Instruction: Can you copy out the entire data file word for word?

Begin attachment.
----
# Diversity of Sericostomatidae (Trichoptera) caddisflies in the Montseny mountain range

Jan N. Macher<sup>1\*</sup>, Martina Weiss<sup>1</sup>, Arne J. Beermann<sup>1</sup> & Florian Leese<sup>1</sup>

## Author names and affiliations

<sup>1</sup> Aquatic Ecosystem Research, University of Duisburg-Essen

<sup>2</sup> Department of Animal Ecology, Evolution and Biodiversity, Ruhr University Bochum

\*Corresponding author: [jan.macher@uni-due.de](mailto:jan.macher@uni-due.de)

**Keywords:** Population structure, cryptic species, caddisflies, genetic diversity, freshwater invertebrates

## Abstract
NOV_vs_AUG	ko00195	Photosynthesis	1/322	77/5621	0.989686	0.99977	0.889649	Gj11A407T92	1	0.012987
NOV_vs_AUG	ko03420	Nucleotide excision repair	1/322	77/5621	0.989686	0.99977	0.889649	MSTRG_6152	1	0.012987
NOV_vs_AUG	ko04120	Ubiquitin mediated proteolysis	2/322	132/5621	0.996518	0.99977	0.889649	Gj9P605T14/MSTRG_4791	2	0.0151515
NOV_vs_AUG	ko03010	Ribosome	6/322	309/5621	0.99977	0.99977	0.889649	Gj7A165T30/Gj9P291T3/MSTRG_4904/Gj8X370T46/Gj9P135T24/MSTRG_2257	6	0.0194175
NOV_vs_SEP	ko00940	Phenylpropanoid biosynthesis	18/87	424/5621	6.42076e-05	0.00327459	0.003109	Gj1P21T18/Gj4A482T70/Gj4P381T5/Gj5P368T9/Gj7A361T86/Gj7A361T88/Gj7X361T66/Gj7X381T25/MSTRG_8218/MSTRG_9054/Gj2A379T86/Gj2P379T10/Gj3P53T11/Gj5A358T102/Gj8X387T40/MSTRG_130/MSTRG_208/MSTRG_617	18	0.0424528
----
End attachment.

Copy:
# Diversity of Sericostomatidae (Trichoptera) caddisflies in the Montseny mountain range

Jan N. Macher<sup>1\*</sup>, Martina Weiss<sup>1</sup>, Arne J. Beermann<sup>1</sup> & Florian Leese<sup>1</sup>

## Author names and affiliations

<sup>1</sup> Aquatic Ecosystem Research, University of Duisburg-Essen

<sup>2</sup> Department of Animal Ecology, Evolution and Biodiversity, Ruhr University Bochum

\*Corresponding author: [jan.macher@uni-due.de](mailto:jan.macher@uni-due.de)

**Keywords:** Population structure, cryptic species, caddisflies, genetic diversity, freshwater invertebrates

## Abstract
NOV_vs_AUG	ko00195	Photosynthesis	1/322	77/5621	0.989686	0.99977	0.889649	Gj11A407T92	1	0.012987
NOV_vs_AUG	ko03420	Nucleotide excision repair	1/322	77/5621	0.989686	0.99977	0.889649	MSTRG_6152	1	0.012987
NOV_vs_AUG	ko04120	Ubiquitin mediated proteolysis	2/322	132/5621	0.996518	0.99977	0.889649	Gj9P605T14/MSTRG_4791	2	0.0151515
NOV_vs_AUG	ko03010	Ribosome	6/322	309/5621	0.99977	0.99977	0.889649	Gj7A165T30/Gj9P291T3/MSTRG_4904/Gj8X370T46/Gj9P135T24/MSTRG_2257	6	0.0194175
NOV_vs_SEP	ko00940	Phenylpropanoid biosynthesis	18/87	424/5621	6.42076e-05	0.00327459	0.003109	Gj1P21T18/Gj4A482T70/Gj4P381T5/Gj5P368T9/Gj7A361T86/Gj7A361T88/Gj7X361T66/Gj7X381T25/MSTRG_8218/MSTRG_9054/Gj2A379T86/Gj2P379T10/Gj3P53T11/Gj5A358T102/Gj8X387T40/MSTRG_130/MSTRG_208/MSTRG_617	18	0.0424528